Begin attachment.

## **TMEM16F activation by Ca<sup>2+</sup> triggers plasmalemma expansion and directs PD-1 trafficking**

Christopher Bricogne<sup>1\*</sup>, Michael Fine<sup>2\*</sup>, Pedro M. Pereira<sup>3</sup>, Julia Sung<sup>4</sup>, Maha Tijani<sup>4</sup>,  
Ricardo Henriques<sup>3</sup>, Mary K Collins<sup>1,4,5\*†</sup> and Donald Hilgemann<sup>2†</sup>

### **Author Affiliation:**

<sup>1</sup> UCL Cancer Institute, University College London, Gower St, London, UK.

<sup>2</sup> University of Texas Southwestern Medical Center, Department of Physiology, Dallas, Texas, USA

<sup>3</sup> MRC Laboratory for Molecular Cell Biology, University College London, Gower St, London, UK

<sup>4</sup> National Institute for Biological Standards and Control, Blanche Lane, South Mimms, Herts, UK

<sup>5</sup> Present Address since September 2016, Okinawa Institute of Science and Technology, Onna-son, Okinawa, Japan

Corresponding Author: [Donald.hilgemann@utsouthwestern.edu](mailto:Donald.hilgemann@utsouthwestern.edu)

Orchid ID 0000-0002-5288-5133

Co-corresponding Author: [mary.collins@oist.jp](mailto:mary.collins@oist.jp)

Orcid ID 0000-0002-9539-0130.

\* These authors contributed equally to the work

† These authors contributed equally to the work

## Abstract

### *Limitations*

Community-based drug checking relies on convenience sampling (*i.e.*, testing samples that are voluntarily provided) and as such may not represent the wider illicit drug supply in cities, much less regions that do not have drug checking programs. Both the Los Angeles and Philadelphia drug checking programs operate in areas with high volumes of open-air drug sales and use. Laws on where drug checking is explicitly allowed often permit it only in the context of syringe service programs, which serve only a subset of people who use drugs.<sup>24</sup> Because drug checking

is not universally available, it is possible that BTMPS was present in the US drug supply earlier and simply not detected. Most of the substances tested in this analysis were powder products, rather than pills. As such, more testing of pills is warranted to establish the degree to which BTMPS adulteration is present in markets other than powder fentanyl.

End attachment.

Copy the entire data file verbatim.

## **TMEM16F activation by Ca<sup>2+</sup> triggers plasmalemma expansion and directs PD-1 trafficking**

Christopher Bricogne<sup>1\*</sup>, Michael Fine<sup>2\*</sup>, Pedro M. Pereira<sup>3</sup>, Julia Sung<sup>4</sup>, Maha Tijani<sup>4</sup>,  
Ricardo Henriques<sup>3</sup>, Mary K Collins<sup>1,4,5\*†</sup> and Donald Hilgemann<sup>2†</sup>

### **Author Affiliation:**

<sup>1</sup> UCL Cancer Institute, University College London, Gower St, London, UK.

<sup>2</sup> University of Texas Southwestern Medical Center, Department of Physiology, Dallas, Texas, USA

<sup>3</sup> MRC Laboratory for Molecular Cell Biology, University College London, Gower St, London, UK

<sup>4</sup> National Institute for Biological Standards and Control, Blanche Lane, South Mimms, Herts, UK

<sup>5</sup> Present Address since September 2016, Okinawa Institute of Science and Technology, Onna-son, Okinawa, Japan

Corresponding Author: [Donald.hilgemann@utsouthwestern.edu](mailto:Donald.hilgemann@utsouthwestern.edu)

Orchid ID 0000-0002-5288-5133

Co-corresponding Author: [mary.collins@oist.jp](mailto:mary.collins@oist.jp)

Orcid ID 0000-0002-9539-0130.

\* These authors contributed equally to the work

† These authors contributed equally to the work

## Abstract

### *Limitations*

Community-based drug checking relies on convenience sampling (*i.e.*, testing samples that are voluntarily provided) and as such may not represent the wider illicit drug supply in cities, much less regions that do not have drug checking programs. Both the Los Angeles and Philadelphia drug checking programs operate in areas with high volumes of open-air drug sales and use. Laws on where drug checking is explicitly allowed often permit it only in the context of syringe service programs, which serve only a subset of people who use drugs.<sup>24</sup> Because drug checking

is not universally available, it is possible that BTMPS was present in the US drug supply earlier and simply not detected. Most of the substances tested in this analysis were powder products, rather than pills. As such, more testing of pills is warranted to establish the degree to which BTMPS adulteration is present in markets other than powder fentanyl.